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Mary Richmond

Mary Richmond
Hyannis, Massachusetts, USA
August 09
Sole Proprietor
Cape Cod Art and Nature
Nature Columnist for weekly Cape Cod Newspapers. Artist, writer, naturalist and educator putting it all together to make a living.


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JANUARY 30, 2013 9:01AM

Being good neighbors....

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walking the beach by Mary Richmond 

       Recently I have become more and more aware and amazed at how disrespectful some people are to their neighbors and their neighborhood in general. I am seeing young people tossing bags of fast food trash out car windows, working men tossing Styrofoam coffee cups and food wrappers out of their trucks and vans and pedestrians dropping their used containers on the street while they walk on. Whatever happened to “Litterbug, litterbug, shame on you!” huh?

       And it’s not just about the trash. Some neighbors forget they are neighbors, sharing a time and space and living in close proximity. They make lots of noise, strip trees and bushes that offered a buffer to said noise and just generally behave in ways that would have seriously upset my grandmother who never ever left her garbage out where the neighbors could see it, never mind, ahem, air her dirty laundry in public.

        I am fortunate to live in a wonderful neighborhood where I have lived for almost 30 years. Most of my neighbors have also lived here for 30 years or more and even the newer arrivals settle right in as if they’ve always been here. We make sure that this one’s driveway gets shoveled and this one’s newspaper is brought up to the door and that this one’s cat gets fed when they are away. We share a lot more than that as well but we live in a semi urban neighborhood where it is also important to be discreet and not notice certain things. We don’t litter in each other’s yards and we clean up after our pets. We celebrate new family members and mourn each other’s losses for they belong to us in a way, too. When I read or hear about people building places that are fought tooth and nail by their neighbors I often wonder how they will all settle into that neighborhood with all that discord between them. I guess I have a lot of my grandmother in me still because I read these things and think, “Really, where are their manners?”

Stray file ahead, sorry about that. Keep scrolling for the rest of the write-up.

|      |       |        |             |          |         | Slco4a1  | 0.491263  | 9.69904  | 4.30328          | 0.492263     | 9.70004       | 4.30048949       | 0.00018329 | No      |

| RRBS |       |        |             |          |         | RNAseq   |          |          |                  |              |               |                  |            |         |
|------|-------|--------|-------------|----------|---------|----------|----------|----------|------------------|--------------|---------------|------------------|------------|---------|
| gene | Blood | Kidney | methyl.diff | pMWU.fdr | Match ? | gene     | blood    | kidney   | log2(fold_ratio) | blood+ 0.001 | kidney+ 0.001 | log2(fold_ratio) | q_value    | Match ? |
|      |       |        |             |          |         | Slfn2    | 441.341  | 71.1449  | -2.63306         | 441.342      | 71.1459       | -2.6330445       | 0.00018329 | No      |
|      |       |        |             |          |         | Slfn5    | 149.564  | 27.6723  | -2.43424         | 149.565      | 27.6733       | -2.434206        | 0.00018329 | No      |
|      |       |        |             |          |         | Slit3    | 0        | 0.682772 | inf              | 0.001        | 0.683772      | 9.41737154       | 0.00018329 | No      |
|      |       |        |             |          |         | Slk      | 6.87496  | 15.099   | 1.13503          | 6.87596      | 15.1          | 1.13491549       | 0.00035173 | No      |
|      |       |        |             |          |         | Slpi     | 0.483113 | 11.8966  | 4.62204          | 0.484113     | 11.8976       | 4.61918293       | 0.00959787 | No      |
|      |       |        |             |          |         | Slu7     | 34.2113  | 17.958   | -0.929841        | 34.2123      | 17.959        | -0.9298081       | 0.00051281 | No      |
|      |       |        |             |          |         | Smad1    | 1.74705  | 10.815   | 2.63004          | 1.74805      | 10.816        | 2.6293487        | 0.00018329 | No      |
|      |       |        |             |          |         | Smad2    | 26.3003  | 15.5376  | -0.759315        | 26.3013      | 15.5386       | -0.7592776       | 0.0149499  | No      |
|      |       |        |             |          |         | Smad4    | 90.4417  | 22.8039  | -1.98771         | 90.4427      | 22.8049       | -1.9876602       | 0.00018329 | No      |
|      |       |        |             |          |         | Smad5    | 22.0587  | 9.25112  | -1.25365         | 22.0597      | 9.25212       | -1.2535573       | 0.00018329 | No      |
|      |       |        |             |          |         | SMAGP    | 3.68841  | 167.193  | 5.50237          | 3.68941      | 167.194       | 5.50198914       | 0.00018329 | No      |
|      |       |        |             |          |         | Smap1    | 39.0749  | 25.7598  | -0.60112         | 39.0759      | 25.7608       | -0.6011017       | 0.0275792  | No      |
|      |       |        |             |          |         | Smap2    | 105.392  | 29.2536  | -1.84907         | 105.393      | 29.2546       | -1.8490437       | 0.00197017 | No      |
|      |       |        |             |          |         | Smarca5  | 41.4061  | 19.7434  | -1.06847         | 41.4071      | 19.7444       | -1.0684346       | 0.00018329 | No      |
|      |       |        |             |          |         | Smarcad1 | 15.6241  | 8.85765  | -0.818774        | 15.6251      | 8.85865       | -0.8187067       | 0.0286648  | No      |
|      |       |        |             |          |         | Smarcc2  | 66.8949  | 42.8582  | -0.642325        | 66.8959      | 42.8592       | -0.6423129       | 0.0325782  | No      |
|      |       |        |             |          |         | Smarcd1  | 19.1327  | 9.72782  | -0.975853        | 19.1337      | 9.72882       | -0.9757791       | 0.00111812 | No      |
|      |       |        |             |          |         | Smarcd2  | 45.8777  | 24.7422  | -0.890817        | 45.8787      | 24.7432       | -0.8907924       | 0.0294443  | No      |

It’s not just people that are our neighbors of course. The birds and squirrels, the deer and foxes, the fish and the butterflies are our neighbors as well. A little neighborly respect goes a long way in the natural world as well. Just as we would be horrified if our neighbors put out poison in their back yards for our pets to eat or drink we should be equally horrified of putting poisons into the ground and water for our wild neighbors to eat and drink and yet that gets done here all summer long in the names of landscaping and laundry, to name a few.

       This morning I watched in horror from the distance as a man twice my size got out of his truck at the beach and walked down with a gallon jug of dark oil that he poured into the water. He was back in his truck and gone before I could get his license info and when I finally reached where he had been I could see and smell that it was indeed motor oil he had dumped at the water’s edge. What was he thinking? I believe any of us can recycle these at local landfills for free or take them to a place that changes oil for a small fee. This is a beach with many winter ducks, a dozen or so brant and many gulls as well as a lot of shellfish. I am still shaking my head over this. It was so…..I don’t even have words for what it was.

        I realize that most if not all of the folks that read this are probably awesome neighbors who do their best to be kind, considerate and empathetic to their wild neighbors as well as their human ones but what is going on out there? Why have we begun to forget that being good neighbors is part of what makes our culture a strong one? We seem to be forgetting how to be respectful of each other and of nature. I know that we cannot give up but some days it is very difficult….

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Good post. I don't think we are forgetting. I think it has always been difficult to be a neighbor. I do yearn for a place to live isolated from society but here I am in a neighborhood. Mostly I keep my head down and beneath the radar. I am just thankful I am not in Afghanistan where neighbors are shooting neighbors.
Thanks for your comment. I really love my neighborhood but here I was referring to the big neighborhood as well, the one we all live in. It seems to me we've gotten lazy in our stewardship of the environment in general but also the way it affects our quality of life in our own neighborhoods. In my thoughts, there is no excuse for littering or soiling the water....and yes, like you I am glad not to live where neighbors are shooting each other.